The intense heatwaves we’ve been experiencing all over the country (and right here in New Jersey) should be a reminder for anyone about the importance of taking the necessary safety precautions when working in certain heat environments.
When dealing with extreme temperatures whether inside or outdoors, it’s easier than you think to become dehydrated, suffer burns, or encounter other issues. Heat environments can cause loss of concentration, rashes, boils, and even heat stroke if the body is not properly ventilated.
Because extreme heat causes the body to sweat, it can also make issues with holding tools, vision, and dealing with sensitive equipment.
For all these reasons it’s crucial to take the necessary steps when working in heat environments to maintain safety at all times.
How do I know what is and is not a Heat Environment?
OSHA technically classifies any place over 91 degrees Fahrenheit as a heat environment. It is because around this temperature level that the average person begins to exhibit duress and the signs of too much heat.
Because exact temperature doesn’t always translate to what the body is actually feeling due to conditions in the air, OSHA makes use of the heat index to properly calculate what is and is not a heat environment. The heat index is the combination of actual temperature combined with the current humidity.
In other words, the heat index is something like a “real feel” temperature. It can technically only be around 91 degrees outside, for example, but at maximum humidity, it feels closer to 100 and is not safe for prolonged work in direct sunlight without proper hydration and equipment.
This is especially important for indoor environments, where lack of ventilation or air conditioning can turn an already hot environment into a veritable oven. Humidity gets trapped in confined spaces, making some indoor situations worse than their outdoor counterparts.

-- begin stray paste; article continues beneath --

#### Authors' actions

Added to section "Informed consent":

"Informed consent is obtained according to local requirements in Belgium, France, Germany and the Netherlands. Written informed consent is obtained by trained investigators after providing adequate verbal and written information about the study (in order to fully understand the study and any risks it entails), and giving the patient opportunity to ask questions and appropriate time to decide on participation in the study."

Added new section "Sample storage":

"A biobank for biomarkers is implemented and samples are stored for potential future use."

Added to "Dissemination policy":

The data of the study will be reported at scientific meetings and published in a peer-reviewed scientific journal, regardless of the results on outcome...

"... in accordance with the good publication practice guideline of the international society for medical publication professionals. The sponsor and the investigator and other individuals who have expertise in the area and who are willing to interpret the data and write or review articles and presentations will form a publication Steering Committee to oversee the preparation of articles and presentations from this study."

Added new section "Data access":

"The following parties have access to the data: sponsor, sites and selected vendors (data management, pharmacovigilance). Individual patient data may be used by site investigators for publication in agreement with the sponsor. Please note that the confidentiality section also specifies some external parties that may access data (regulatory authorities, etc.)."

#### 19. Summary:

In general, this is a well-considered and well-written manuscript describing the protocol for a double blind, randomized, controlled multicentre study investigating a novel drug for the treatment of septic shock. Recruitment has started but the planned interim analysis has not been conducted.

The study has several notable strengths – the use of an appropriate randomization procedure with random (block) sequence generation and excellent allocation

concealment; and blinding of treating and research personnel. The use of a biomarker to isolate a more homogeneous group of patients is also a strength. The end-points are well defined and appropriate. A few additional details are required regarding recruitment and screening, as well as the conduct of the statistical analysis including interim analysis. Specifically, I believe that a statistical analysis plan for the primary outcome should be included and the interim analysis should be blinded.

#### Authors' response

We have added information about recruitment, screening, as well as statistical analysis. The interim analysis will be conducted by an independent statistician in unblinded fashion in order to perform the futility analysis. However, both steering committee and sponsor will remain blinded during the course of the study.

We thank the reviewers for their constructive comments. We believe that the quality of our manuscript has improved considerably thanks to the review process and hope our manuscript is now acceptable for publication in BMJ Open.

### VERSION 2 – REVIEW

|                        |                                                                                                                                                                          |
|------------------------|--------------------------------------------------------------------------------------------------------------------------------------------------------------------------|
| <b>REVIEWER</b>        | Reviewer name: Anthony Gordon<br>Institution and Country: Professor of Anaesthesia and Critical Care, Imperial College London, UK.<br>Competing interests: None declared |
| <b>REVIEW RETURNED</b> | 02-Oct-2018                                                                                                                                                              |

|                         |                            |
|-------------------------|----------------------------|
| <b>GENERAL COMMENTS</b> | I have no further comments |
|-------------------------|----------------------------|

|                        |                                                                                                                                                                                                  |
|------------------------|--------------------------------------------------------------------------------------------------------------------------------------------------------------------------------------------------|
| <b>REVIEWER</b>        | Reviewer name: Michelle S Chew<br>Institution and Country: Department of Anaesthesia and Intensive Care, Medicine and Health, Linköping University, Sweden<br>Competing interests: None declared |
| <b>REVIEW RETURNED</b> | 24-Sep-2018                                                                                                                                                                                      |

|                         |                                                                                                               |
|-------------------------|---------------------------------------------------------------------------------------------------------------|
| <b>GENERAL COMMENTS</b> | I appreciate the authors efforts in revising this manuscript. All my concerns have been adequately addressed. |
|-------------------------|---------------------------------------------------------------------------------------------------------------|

You will know if you are in a heat environment if you are uncomfortable, are sweating without much exertion, find yourself tiring too quickly or being short of breath, if you feel lightheaded or nauseous, or if you feel your skin irritated or burning. Oftentimes it becomes hard to properly catch your breath in excessive heat, and when mixed with direct sunlight or too-humid conditions, you may get an upset stomach and feel as if you need to vomit.
In such cases, you are definitively in a heat environment. But these situations are not always so obvious.
You want to make sure that you are wearing protective gear and are taking the right safety measures even in 90 degree heat and low humidity. Prolonged sweating in such conditions can lead to dehydration, which can cause brain fog, tight muscles, loss of concentration, shortness of breath, dry mouth, impaired reaction time, and more.
When working outdoors, it’s important to note that you will often be in what OSHA would classify as a heat environment yet there won’t be any discernible signage or other ways of knowing it is other than the temperature you are facing. Just because you aren’t dealing with confined spaces, machinery, burning materials, fire, and the like, doesn’t mean it’s not a dangerous environment. Quite the contrary, raw heat and prolonged exposure to the sun without proper protection can be some of the most dangerous conditions.
Always Take Precaution
Heat stress can occur even if you believe you can withstand the temperatures. Never take chances, and always make sure you have the proper preventative measures in place to either mitigate the heat or protect yourself from it.
It’s important to note that the majority of heat-related incidents and illnesses can be prevented with the right preparation. Proper air conditioning and exhaust ventilation, fans, reflective shields, insulation, taking advantage of shade, drinking plenty of water and avoiding drinks that dehydrate the body (such as coffee), getting plenty of rest, limiting exposure to the heat, and wearing the proper protective gear or clothing, makes a huge difference in whether or not the heat will have any effect on you.
Workers need to be informed of all possible and available methods of heat control and mitigation to ensure best performance and safety.
If you have any questions or concerns about heat stress in your workplace, please reach out to us!